I don’t think Donald Trump would find much to like at the Cannes Film Festival: The current U.S. president is hardly a frequent moviegoer, and all those art films and subtitles would likely prove wearying for him. But there’s one project at this year’s Cannes that’s impossible not to picture through Trump’s eyes, since it’s a virtual-reality experience from Oscar-winning director Alejandro González Iñárritu (Birdman, The Revenant) that places the watcher in the middle of a border crossing from Mexico to the United States, delivered in such a visceral way that it can’t help but shake up what you thought you knew about illegal immigration and its often tragic outcomes. Trump may still seek to build his border wall, but when it comes to this highly charged issue, Iñárritu is determined to dismantle the barriers between head and heart.
His VR experience, titled Carne y Arena, takes place in an airport hangar 20 minutes away from the main seaside drag at Cannes. Viewers are taken to the site one at a time and asked to remove their shoes before they enter a vast room covered in sand, where they don a backpack, headphones, and a VR headset. The six-and-a-half-minute experience then blinks on, and suddenly the viewer is immersed in a border crossing as a group of weary, injured migrants limp through the desert, a fraught scene that is further complicated by incoming helicopters, then the arrival of rifle-toting border guards.
While Iñárritu guides the narrative along through ellipses of time and one unexpected magical-realist sequence, the viewer is free to wander around the expansive setting, following any of the characters as they scatter, hide, and are confronted. It’s hard not to get caught up in the intense nature of the experience: When the border guards order the migrants to fall to their knees and put their hands up in the air, some of the VR participants I’ve spoken to did just that, instinctively cowering before authority. For the first half of my own trek through Carne y Arena, I realized I was playing it too safe, sticking to the outskirts of the setting — like several of the scattered migrants, I was practically hiding behind brush — simply because the clash going on at its center, with barking guard dogs, crying children, and shouted orders, was too overwhelming an aural experience.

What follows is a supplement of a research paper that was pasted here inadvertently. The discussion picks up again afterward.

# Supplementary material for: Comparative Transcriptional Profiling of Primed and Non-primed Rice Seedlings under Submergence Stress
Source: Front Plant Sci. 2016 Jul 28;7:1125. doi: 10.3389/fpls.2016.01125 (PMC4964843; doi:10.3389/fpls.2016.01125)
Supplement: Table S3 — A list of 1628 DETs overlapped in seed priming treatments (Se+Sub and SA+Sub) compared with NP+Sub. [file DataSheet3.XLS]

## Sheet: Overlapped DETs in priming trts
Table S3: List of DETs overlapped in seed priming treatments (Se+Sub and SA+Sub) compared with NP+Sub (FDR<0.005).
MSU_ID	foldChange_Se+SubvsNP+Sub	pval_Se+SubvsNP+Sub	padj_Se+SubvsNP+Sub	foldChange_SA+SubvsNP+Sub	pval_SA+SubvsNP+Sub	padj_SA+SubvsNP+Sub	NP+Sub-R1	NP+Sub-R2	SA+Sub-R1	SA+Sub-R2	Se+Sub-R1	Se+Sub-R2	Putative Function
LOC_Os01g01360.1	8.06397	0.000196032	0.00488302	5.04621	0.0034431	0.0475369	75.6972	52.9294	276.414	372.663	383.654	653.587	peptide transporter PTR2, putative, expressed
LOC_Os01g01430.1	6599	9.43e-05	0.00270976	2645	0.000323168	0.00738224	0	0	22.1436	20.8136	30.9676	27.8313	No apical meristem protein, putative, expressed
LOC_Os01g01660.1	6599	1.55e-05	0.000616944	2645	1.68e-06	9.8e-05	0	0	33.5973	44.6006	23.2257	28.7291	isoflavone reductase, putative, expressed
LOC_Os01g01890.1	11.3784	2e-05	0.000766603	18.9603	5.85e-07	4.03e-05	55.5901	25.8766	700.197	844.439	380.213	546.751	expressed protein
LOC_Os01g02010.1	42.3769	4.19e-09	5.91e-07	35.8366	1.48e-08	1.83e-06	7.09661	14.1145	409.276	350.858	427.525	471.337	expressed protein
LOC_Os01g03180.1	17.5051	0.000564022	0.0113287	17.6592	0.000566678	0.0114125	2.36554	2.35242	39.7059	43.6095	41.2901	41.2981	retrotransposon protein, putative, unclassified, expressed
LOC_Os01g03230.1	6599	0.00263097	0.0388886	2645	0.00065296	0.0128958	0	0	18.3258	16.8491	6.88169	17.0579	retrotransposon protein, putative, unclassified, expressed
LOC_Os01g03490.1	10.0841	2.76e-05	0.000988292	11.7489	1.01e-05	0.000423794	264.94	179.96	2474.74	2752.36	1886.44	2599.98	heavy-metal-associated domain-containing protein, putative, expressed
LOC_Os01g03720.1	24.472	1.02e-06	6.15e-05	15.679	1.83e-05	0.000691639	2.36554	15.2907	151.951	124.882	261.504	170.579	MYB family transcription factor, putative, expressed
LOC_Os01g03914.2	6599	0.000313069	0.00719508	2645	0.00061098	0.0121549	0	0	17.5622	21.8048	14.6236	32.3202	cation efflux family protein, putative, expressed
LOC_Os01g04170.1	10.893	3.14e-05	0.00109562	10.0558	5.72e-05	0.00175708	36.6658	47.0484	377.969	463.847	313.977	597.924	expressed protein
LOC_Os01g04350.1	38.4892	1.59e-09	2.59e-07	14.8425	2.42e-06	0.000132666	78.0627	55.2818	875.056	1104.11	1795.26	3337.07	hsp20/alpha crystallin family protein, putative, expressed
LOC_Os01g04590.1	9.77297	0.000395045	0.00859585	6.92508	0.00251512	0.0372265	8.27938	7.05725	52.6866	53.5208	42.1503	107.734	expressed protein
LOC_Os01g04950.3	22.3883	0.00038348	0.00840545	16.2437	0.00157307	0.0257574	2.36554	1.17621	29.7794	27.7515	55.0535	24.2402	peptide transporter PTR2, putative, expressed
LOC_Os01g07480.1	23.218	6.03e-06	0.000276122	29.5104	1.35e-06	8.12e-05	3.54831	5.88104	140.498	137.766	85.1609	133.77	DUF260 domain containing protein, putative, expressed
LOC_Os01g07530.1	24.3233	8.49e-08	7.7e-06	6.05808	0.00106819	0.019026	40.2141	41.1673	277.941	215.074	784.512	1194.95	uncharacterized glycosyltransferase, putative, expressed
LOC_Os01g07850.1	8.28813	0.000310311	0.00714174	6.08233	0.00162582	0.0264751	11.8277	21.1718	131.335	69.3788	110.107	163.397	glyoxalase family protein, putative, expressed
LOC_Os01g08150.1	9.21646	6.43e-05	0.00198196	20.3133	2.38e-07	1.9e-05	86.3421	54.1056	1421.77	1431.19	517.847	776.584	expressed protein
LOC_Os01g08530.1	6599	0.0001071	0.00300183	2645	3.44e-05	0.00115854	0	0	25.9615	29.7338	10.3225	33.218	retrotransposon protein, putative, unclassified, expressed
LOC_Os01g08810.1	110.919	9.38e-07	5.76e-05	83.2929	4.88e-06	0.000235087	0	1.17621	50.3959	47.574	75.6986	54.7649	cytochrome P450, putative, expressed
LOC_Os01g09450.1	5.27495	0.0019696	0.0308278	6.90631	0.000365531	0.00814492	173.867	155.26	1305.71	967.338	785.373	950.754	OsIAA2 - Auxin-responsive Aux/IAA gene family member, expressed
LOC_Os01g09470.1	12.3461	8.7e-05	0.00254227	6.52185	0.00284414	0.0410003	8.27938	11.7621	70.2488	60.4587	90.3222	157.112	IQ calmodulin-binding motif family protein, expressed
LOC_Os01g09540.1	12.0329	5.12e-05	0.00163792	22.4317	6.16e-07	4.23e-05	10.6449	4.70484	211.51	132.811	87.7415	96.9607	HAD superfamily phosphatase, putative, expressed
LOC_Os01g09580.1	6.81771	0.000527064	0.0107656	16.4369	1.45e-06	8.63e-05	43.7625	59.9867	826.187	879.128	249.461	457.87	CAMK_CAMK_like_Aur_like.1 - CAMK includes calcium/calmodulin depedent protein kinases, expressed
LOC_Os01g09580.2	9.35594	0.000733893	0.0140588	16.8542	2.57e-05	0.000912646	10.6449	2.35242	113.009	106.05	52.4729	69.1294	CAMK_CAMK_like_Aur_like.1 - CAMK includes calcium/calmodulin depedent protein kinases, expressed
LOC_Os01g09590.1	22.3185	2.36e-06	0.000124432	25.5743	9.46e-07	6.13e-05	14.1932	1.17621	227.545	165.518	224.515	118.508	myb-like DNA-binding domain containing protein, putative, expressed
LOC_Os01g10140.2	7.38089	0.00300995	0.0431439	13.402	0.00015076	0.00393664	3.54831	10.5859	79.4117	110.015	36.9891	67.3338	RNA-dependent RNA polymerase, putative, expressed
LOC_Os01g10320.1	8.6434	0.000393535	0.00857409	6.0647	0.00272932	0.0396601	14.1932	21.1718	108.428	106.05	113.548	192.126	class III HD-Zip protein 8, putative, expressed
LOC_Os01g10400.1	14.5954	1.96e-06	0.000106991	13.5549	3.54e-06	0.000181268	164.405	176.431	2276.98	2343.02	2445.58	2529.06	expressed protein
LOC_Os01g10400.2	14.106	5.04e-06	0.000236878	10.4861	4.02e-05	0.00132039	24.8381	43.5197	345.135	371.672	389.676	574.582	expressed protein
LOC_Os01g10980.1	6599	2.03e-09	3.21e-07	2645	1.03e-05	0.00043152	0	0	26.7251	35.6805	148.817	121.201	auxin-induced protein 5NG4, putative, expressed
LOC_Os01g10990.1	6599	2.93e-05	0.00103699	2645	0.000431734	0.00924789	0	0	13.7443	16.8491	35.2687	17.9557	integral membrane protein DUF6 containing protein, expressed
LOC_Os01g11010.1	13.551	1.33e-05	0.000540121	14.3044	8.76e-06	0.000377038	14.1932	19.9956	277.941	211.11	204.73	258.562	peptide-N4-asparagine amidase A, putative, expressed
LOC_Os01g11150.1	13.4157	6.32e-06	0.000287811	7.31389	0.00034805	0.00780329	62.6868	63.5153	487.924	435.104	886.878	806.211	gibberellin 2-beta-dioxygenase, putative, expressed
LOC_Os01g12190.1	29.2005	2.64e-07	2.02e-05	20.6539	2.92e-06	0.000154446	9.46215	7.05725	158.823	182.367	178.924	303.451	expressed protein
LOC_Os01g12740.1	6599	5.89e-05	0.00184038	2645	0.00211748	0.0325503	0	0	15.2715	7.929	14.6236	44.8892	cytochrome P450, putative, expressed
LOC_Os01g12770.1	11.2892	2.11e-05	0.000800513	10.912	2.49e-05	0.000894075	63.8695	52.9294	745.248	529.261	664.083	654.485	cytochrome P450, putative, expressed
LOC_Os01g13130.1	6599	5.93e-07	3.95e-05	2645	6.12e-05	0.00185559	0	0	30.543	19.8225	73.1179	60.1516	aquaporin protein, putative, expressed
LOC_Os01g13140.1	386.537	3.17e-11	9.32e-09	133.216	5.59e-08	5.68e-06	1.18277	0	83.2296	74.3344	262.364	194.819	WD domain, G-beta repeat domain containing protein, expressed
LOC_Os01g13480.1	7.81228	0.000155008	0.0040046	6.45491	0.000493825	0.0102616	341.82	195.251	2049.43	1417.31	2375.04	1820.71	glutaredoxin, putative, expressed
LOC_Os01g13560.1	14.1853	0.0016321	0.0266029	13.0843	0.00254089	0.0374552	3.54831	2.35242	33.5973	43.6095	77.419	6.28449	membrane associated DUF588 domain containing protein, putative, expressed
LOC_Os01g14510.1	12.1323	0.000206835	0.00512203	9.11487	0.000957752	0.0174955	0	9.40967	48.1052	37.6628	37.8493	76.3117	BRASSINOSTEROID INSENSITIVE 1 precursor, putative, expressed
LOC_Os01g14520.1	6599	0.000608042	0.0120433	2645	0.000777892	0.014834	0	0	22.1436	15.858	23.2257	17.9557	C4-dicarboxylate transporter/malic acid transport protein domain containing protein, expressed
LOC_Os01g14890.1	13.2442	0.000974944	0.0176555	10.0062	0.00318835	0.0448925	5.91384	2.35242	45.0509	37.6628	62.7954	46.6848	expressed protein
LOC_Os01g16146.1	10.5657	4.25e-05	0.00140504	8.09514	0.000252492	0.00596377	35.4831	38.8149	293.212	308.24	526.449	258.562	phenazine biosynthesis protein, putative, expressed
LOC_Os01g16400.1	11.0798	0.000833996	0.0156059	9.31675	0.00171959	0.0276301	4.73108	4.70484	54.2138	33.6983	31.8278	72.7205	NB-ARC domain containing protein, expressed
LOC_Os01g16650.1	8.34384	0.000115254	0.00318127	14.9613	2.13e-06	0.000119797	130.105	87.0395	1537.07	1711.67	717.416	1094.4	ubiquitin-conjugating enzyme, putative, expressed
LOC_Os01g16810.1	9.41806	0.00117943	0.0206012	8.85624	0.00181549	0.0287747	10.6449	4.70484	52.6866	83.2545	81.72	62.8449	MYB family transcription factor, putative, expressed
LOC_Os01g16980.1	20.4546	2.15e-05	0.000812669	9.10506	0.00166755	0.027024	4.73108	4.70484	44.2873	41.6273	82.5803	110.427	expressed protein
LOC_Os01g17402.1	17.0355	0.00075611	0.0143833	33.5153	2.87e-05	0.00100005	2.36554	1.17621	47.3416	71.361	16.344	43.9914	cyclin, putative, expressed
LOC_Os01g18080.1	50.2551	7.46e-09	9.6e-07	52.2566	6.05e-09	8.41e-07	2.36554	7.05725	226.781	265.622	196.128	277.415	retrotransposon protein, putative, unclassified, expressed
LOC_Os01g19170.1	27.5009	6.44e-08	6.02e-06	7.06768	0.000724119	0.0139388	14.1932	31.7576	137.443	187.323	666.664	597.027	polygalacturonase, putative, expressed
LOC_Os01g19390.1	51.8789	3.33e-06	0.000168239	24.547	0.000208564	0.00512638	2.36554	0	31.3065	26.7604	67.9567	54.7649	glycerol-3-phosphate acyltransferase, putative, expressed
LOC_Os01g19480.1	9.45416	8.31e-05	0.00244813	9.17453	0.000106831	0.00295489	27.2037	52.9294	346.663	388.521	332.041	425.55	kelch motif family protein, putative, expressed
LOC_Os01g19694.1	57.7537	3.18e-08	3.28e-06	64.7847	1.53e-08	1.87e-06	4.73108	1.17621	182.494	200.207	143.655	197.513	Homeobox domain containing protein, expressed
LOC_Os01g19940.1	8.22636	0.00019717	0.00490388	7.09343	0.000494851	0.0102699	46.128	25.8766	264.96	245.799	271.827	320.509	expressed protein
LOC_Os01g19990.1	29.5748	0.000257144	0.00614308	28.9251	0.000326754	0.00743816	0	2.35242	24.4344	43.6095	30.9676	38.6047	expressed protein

But during one dreamlike lull in the action, I shuffled in closer then yelped and attempted to dodge one of the migrants as he came barreling toward me. As he passed through my body like a ghost, I passed through his, too, peering into his insides — heart beating, throat closing — like Leonardo DiCaprio burrowing into the innards of a dead horse in Iñárritu’s Revenant. Draw too close to the border guards, and you can intimately know their hearts, as well. No matter the side, Carne y Arena says, we are all human deep down, and while that could come off as a too-simple platitude in any other context, it’s striking when experienced in this way.
I was affected by Carne y Arena, but the VR portion of the experience is brief and comes with some caveats. Iñárritu shot the landscapes with his Oscar-winning cinematographer Emmanuel Lubezki, and while I got excited to step into an immersive world filmed by the greatest DP alive, the Oculus Rift doesn’t have that same realer-than-real fidelity that Lubezki likes to bring to his films. Iñárritu asked actual immigrants to recreate the beats of Carne y Arena using motion-capture, but if you get in the faces of their ILM-animated counterparts, there’s a distancing uncanny-valley effect. And while the experience ended on a profound note as the immigrants vanish with only their scattered shoes and an abandoned Hello Kitty backpack left behind in the dirt, I initially thought Carne y Arena was over too soon.
But then came the coda. After the attendants took off my visor and headphones, I left the room and wandered down a long, dark hall with video portraits of the real immigrants (and even one border guard) installed every few feet. As they stared back at me, the particulars of their journey were overlaid on their faces, the stories assembled from interviews into first-person prose. There was no sound in the hall except for the strangled sobs I made while reading, in their own words, how they had weathered the terrifying circumstances of the border crossing. Had I read these testimonials in an article, I would have been moved by what these people described, and sickened by the ordeal they went through. But to encounter these stories after Iñárritu’s simulation made me a witness of sorts, which gave the immigrants’ testimonials an additional, undeniable power that I still haven’t been able to shake. When it comes to high-resolution fidelity, virtual reality can’t yet measure up to real life. But when VR is put to its greatest use, it can do what the best of cinema does: It sends you out into the real world, ready to look at it in a whole new way.